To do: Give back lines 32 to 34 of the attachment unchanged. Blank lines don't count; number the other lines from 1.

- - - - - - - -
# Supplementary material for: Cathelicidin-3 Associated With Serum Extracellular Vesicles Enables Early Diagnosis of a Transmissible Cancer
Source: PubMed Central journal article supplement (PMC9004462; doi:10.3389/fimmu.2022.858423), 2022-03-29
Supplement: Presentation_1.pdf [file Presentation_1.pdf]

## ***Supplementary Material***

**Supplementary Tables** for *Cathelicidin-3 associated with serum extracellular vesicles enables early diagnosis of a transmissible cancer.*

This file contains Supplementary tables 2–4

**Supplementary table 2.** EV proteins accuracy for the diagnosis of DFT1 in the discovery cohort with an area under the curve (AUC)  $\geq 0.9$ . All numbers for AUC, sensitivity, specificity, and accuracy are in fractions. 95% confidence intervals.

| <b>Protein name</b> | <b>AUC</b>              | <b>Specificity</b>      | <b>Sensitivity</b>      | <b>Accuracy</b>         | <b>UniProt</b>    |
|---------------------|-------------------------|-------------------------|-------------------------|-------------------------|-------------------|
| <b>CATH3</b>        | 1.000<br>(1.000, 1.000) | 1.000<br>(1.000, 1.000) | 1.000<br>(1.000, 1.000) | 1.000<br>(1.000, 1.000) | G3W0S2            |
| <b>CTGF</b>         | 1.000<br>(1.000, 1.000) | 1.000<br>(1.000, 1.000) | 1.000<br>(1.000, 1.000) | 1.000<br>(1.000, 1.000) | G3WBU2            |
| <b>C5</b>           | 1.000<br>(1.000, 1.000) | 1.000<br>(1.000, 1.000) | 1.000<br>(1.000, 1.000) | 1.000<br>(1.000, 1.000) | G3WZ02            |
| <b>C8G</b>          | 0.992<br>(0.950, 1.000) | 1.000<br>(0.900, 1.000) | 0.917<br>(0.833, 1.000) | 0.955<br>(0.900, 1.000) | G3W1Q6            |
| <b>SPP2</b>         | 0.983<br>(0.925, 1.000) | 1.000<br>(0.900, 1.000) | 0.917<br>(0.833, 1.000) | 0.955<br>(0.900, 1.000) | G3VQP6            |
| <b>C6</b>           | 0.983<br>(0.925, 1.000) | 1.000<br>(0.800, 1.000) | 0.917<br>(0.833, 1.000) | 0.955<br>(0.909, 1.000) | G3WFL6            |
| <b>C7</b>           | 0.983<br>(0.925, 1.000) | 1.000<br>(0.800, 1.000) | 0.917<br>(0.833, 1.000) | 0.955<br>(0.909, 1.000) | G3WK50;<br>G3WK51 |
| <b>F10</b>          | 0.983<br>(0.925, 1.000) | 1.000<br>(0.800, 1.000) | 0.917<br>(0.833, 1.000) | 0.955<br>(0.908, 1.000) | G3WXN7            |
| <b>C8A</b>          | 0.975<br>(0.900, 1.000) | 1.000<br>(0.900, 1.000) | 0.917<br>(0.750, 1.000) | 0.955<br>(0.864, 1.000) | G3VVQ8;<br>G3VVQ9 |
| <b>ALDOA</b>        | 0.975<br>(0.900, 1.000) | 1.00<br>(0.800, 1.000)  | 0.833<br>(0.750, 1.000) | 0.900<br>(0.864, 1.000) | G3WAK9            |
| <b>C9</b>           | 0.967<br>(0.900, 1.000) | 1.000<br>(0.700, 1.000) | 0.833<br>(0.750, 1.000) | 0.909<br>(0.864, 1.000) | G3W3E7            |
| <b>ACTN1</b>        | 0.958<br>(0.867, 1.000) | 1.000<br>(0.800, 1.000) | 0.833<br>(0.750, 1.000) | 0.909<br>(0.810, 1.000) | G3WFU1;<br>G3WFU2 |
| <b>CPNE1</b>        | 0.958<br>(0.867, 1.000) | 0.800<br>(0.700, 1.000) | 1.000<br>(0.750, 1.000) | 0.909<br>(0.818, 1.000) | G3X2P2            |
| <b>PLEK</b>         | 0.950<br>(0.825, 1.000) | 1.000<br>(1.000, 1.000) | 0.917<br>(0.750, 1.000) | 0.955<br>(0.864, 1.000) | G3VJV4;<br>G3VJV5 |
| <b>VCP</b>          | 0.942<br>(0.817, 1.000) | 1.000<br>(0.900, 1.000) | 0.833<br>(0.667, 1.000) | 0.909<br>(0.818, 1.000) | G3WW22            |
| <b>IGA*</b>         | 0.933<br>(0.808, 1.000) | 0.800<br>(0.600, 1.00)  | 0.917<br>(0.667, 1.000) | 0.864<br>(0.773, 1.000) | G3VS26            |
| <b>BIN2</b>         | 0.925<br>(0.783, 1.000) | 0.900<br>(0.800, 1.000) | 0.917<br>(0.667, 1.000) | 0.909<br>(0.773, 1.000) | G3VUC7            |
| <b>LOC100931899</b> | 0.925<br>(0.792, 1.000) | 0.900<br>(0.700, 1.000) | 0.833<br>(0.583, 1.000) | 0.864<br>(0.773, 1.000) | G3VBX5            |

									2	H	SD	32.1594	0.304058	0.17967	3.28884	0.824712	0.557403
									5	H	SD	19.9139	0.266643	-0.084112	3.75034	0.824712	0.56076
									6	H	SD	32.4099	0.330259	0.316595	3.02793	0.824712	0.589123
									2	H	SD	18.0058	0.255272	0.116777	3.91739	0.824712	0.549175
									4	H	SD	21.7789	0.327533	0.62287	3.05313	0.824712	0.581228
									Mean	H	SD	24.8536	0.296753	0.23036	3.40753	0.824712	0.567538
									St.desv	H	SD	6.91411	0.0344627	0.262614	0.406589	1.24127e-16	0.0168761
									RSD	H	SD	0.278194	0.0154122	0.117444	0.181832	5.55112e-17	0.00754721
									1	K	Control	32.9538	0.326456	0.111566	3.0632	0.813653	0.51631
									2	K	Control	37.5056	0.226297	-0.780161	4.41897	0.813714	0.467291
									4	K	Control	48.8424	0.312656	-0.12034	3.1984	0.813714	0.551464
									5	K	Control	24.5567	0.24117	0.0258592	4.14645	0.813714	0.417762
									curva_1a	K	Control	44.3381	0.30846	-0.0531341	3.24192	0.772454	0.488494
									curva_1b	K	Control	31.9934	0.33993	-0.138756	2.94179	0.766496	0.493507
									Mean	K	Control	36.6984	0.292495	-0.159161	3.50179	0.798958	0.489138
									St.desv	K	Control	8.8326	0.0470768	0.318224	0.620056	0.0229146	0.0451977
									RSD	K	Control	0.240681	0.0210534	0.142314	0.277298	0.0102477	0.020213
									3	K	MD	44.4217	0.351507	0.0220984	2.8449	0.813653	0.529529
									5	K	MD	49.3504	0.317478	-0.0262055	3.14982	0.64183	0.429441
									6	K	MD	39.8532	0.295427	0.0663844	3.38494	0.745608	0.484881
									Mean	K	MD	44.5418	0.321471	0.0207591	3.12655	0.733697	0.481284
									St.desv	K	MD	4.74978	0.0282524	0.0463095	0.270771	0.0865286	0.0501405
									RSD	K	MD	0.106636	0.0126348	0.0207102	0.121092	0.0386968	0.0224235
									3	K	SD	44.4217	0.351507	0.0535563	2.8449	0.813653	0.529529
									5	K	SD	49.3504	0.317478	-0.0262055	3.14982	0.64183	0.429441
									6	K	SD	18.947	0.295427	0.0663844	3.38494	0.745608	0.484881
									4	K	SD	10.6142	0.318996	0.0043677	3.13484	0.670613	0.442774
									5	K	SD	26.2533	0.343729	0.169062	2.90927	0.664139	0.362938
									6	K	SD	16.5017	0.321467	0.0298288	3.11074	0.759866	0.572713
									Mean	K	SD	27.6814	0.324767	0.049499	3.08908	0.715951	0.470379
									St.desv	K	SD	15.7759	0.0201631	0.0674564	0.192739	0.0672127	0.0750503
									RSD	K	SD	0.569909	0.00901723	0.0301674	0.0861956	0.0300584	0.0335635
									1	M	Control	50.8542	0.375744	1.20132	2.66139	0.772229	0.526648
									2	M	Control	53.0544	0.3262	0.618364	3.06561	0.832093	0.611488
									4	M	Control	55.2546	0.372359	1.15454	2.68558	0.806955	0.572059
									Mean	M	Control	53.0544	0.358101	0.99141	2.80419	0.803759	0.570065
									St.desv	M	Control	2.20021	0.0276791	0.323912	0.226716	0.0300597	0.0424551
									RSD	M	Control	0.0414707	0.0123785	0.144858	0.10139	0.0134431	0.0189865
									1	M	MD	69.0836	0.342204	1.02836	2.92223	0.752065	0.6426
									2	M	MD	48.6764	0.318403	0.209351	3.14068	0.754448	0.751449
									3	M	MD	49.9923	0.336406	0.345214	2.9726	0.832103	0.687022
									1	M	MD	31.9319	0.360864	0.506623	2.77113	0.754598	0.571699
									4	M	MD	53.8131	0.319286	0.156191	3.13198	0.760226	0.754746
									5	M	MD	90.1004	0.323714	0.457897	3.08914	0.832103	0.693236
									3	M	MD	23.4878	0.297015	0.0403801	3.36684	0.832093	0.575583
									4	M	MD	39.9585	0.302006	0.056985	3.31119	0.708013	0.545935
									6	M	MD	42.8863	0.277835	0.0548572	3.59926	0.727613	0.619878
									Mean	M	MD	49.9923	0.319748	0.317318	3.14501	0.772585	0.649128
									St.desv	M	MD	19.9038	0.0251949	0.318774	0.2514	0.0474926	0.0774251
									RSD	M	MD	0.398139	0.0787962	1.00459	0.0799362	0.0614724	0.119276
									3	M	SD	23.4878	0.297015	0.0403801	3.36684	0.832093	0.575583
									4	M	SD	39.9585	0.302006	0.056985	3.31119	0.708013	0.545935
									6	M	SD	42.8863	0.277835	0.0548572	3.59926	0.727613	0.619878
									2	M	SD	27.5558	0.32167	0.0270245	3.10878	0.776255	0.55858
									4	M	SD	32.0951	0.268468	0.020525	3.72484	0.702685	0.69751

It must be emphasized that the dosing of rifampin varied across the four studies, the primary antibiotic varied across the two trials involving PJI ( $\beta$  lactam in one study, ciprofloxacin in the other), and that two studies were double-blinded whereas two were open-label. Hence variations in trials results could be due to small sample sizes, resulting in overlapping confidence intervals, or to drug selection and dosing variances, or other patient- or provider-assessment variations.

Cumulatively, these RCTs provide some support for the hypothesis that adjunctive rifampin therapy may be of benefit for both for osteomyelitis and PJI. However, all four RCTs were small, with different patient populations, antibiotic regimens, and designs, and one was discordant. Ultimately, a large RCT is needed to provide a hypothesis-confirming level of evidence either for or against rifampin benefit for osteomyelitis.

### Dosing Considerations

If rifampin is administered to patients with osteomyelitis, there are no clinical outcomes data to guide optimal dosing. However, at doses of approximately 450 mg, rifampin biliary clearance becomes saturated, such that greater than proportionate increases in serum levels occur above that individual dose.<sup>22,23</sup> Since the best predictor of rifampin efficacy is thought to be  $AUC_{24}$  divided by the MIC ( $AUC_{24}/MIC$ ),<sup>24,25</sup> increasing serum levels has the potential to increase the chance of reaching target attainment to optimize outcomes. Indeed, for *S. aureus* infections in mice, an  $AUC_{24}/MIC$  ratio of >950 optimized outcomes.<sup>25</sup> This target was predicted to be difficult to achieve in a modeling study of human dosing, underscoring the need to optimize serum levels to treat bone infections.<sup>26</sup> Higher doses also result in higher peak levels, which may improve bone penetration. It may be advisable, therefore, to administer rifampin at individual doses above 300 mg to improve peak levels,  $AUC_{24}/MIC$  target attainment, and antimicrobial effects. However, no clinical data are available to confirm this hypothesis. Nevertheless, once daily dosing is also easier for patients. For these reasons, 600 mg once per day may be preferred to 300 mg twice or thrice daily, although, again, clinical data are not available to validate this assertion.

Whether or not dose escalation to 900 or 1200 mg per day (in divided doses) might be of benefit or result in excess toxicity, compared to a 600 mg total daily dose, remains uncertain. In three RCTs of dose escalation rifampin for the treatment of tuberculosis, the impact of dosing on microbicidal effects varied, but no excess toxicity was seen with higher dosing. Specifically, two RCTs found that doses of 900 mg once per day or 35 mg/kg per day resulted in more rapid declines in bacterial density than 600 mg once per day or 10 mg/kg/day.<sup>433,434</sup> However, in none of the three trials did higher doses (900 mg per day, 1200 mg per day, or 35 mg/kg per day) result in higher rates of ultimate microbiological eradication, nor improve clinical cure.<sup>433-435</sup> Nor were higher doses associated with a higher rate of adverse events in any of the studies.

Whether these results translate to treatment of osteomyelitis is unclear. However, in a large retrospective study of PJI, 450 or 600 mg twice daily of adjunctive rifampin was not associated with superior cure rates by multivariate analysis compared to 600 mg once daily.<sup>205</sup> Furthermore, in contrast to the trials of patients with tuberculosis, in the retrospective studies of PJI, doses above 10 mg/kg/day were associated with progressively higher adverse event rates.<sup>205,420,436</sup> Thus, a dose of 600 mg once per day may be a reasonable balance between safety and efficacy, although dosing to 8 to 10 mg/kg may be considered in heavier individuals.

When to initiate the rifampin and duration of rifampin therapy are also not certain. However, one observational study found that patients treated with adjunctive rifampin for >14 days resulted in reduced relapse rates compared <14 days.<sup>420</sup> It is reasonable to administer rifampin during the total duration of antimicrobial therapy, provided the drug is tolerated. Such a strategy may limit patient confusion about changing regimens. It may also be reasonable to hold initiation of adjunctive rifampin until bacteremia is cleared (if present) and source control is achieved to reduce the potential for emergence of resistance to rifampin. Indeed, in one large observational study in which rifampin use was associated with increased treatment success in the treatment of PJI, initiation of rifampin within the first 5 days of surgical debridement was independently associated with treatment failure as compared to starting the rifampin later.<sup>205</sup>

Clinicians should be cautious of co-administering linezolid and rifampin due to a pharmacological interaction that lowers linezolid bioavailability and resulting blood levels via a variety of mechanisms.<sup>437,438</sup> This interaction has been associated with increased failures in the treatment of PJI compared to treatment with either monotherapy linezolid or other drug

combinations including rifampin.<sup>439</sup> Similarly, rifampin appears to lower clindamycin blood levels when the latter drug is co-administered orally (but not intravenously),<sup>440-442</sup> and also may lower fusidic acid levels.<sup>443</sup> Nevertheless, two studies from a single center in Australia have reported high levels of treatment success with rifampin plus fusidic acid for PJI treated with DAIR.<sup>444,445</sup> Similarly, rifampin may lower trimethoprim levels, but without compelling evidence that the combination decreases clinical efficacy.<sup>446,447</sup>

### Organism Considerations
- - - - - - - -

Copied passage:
									4	H	SD	21.7789	0.327533	0.62287	3.05313	0.824712	0.581228
									Mean	H	SD	24.8536	0.296753	0.23036	3.40753	0.824712	0.567538
									St.desv	H	SD	6.91411	0.0344627	0.262614	0.406589	1.24127e-16	0.0168761